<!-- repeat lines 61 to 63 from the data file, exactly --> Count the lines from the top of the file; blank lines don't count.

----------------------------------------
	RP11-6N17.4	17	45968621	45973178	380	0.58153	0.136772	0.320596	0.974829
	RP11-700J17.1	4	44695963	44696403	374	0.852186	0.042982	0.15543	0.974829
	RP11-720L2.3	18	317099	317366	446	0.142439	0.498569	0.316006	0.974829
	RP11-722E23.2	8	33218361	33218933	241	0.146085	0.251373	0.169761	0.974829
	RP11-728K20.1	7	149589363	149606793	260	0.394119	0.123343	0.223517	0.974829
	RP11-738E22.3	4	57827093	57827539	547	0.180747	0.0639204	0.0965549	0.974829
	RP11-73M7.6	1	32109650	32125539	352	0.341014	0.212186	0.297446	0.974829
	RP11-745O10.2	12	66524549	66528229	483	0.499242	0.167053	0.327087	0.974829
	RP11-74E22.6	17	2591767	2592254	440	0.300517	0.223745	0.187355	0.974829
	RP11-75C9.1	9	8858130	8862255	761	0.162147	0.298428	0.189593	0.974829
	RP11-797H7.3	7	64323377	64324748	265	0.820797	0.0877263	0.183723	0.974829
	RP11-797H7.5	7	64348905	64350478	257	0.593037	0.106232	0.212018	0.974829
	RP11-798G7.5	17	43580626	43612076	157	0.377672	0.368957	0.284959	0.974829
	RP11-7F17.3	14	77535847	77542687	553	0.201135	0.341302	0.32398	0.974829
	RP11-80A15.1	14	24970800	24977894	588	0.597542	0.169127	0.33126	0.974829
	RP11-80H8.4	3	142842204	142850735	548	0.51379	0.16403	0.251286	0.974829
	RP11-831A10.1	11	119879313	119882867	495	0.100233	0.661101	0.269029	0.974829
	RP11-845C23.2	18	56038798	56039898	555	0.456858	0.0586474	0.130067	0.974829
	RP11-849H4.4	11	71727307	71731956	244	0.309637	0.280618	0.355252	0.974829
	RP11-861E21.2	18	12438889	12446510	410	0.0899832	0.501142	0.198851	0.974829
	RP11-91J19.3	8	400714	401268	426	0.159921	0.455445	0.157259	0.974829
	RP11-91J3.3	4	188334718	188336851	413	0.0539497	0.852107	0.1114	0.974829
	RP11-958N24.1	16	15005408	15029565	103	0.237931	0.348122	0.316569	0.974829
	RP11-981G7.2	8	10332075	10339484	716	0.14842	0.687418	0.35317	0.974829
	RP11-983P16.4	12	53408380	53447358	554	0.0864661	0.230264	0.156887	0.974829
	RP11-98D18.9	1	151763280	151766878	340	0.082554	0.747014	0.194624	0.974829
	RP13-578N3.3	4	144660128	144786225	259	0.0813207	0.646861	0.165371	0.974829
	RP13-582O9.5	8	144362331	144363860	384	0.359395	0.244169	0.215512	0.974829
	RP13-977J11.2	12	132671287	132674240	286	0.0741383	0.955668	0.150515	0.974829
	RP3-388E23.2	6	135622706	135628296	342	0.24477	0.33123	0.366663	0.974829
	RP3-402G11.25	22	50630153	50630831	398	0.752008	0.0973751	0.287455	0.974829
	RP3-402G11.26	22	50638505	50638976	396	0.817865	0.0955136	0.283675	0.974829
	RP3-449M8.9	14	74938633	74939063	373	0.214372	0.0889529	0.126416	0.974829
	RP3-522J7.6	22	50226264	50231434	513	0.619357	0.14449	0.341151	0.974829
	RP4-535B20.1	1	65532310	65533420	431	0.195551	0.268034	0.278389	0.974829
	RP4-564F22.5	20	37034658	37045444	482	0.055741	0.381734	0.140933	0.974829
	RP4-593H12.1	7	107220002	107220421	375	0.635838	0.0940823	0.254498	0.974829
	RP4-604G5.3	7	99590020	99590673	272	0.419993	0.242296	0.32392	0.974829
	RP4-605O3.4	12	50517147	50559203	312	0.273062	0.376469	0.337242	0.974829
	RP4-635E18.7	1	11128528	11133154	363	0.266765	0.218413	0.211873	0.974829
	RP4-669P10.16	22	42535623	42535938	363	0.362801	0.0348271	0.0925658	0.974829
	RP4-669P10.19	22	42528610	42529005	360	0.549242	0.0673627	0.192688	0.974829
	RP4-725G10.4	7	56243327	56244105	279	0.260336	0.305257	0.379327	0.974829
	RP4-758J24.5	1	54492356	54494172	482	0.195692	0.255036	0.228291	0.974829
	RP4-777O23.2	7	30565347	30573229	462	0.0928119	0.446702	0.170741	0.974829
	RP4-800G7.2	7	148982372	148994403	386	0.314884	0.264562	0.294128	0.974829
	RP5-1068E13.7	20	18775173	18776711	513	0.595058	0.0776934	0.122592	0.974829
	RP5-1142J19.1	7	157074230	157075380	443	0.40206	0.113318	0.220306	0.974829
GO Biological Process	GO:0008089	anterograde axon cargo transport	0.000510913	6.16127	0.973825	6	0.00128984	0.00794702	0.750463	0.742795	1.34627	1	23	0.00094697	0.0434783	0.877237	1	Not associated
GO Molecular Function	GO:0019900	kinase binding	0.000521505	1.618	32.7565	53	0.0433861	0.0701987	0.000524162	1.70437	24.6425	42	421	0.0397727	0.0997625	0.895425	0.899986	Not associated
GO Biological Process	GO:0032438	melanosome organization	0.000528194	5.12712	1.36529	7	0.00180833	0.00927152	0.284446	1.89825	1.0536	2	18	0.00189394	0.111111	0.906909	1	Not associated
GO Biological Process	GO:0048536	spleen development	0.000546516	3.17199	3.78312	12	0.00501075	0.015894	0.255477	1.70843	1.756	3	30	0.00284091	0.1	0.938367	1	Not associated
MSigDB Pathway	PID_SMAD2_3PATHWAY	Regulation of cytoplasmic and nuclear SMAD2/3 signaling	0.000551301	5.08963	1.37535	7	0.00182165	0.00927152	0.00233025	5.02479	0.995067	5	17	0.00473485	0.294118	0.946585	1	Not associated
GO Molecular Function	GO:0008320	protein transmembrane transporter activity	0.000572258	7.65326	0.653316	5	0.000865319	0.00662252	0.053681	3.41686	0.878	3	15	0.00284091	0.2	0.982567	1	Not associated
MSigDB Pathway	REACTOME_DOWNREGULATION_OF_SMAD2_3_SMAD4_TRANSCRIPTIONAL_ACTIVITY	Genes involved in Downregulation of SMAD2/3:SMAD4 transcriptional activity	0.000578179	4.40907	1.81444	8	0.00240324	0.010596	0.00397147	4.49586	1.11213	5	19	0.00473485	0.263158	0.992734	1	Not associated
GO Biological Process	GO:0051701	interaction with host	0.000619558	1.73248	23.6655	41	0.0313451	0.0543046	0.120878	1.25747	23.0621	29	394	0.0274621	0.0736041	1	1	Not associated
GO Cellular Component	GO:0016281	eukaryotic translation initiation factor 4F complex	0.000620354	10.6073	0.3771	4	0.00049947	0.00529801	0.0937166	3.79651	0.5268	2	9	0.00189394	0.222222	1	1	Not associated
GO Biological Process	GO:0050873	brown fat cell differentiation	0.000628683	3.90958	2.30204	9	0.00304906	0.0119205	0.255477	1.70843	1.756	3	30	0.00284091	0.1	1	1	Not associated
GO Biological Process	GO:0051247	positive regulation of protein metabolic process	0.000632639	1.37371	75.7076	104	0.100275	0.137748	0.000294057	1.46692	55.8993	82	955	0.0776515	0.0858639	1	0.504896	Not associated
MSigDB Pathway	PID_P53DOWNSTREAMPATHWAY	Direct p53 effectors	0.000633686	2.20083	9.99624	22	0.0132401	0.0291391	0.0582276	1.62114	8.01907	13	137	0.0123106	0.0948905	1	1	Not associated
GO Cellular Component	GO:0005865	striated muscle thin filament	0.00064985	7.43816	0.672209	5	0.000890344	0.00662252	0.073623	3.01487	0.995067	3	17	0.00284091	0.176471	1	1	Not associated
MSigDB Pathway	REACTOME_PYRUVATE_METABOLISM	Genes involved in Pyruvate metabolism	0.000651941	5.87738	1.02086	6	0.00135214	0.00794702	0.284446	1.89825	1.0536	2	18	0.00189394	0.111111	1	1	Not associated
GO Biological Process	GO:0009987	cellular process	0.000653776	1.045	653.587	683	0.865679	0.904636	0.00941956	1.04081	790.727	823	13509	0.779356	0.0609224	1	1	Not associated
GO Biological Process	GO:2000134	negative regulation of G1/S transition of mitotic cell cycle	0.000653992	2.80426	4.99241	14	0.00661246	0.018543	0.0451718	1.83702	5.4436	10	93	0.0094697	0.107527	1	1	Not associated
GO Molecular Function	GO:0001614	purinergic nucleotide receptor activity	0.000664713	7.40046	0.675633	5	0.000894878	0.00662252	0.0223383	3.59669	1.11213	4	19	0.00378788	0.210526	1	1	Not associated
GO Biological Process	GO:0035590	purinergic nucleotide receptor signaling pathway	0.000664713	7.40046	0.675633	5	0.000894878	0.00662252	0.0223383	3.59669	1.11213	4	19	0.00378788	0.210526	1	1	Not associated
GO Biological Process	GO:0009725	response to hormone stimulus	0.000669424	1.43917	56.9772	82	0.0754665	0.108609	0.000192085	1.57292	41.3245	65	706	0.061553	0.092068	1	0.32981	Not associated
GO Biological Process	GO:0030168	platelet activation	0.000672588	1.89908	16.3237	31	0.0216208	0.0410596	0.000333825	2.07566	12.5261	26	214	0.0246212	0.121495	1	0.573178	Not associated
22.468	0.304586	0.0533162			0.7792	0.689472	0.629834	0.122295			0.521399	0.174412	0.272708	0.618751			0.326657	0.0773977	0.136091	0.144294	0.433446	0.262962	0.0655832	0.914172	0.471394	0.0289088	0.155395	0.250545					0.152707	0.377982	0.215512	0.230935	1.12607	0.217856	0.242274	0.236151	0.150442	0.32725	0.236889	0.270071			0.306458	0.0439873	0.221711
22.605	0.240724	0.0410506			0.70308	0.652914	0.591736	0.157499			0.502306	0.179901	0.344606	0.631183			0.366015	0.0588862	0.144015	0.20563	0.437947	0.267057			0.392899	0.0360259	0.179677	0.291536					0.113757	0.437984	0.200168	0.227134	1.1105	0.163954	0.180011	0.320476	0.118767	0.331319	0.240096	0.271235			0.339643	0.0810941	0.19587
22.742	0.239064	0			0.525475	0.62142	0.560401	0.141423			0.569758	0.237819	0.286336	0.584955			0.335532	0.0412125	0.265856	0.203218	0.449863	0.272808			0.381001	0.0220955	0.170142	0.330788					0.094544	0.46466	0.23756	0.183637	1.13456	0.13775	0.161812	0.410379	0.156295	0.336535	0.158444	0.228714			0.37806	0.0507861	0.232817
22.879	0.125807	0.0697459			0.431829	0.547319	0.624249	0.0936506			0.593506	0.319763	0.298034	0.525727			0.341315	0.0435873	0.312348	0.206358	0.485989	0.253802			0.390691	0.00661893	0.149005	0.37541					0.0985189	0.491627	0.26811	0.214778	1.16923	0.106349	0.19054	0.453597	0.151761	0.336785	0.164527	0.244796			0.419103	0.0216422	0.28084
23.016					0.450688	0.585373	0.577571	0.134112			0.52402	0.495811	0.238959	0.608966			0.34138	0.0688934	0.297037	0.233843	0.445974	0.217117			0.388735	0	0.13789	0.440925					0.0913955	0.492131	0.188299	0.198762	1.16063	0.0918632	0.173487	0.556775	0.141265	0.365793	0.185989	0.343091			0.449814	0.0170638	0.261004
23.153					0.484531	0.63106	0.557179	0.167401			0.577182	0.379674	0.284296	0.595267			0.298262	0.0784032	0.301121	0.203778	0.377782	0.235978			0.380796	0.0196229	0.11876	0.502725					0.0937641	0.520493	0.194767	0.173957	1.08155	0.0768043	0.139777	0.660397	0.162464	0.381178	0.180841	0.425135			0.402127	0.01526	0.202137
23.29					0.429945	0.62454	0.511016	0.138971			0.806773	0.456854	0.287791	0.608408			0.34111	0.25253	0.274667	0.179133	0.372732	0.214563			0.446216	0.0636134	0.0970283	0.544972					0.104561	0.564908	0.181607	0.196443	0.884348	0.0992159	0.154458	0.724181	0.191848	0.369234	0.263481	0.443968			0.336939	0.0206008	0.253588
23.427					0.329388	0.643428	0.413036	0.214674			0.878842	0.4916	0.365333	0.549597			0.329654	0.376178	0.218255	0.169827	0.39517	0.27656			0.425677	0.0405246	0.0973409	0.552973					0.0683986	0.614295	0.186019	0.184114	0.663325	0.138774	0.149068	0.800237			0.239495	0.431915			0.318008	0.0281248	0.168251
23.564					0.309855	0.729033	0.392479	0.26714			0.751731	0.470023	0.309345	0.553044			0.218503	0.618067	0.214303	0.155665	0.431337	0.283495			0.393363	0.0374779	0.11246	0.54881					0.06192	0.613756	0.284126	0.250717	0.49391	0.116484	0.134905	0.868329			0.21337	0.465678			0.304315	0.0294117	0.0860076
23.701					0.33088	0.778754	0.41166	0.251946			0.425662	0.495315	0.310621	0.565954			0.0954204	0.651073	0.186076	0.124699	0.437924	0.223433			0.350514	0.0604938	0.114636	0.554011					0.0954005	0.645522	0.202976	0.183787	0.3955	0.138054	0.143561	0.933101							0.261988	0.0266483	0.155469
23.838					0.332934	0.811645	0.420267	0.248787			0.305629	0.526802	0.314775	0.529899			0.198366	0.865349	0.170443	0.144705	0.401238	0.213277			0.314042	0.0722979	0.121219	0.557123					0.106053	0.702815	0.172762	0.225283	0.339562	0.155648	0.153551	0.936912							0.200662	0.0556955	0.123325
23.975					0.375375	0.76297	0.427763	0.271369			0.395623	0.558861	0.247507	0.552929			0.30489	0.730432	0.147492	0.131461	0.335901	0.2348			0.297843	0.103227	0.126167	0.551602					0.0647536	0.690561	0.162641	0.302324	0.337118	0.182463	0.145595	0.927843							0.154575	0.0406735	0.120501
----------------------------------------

GO Cellular Component	GO:0005865	striated muscle thin filament	0.00064985	7.43816	0.672209	5	0.000890344	0.00662252	0.073623	3.01487	0.995067	3	17	0.00284091	0.176471	1	1	Not associated
MSigDB Pathway	REACTOME_PYRUVATE_METABOLISM	Genes involved in Pyruvate metabolism	0.000651941	5.87738	1.02086	6	0.00135214	0.00794702	0.284446	1.89825	1.0536	2	18	0.00189394	0.111111	1	1	Not associated
GO Biological Process	GO:0009987	cellular process	0.000653776	1.045	653.587	683	0.865679	0.904636	0.00941956	1.04081	790.727	823	13509	0.779356	0.0609224	1	1	Not associated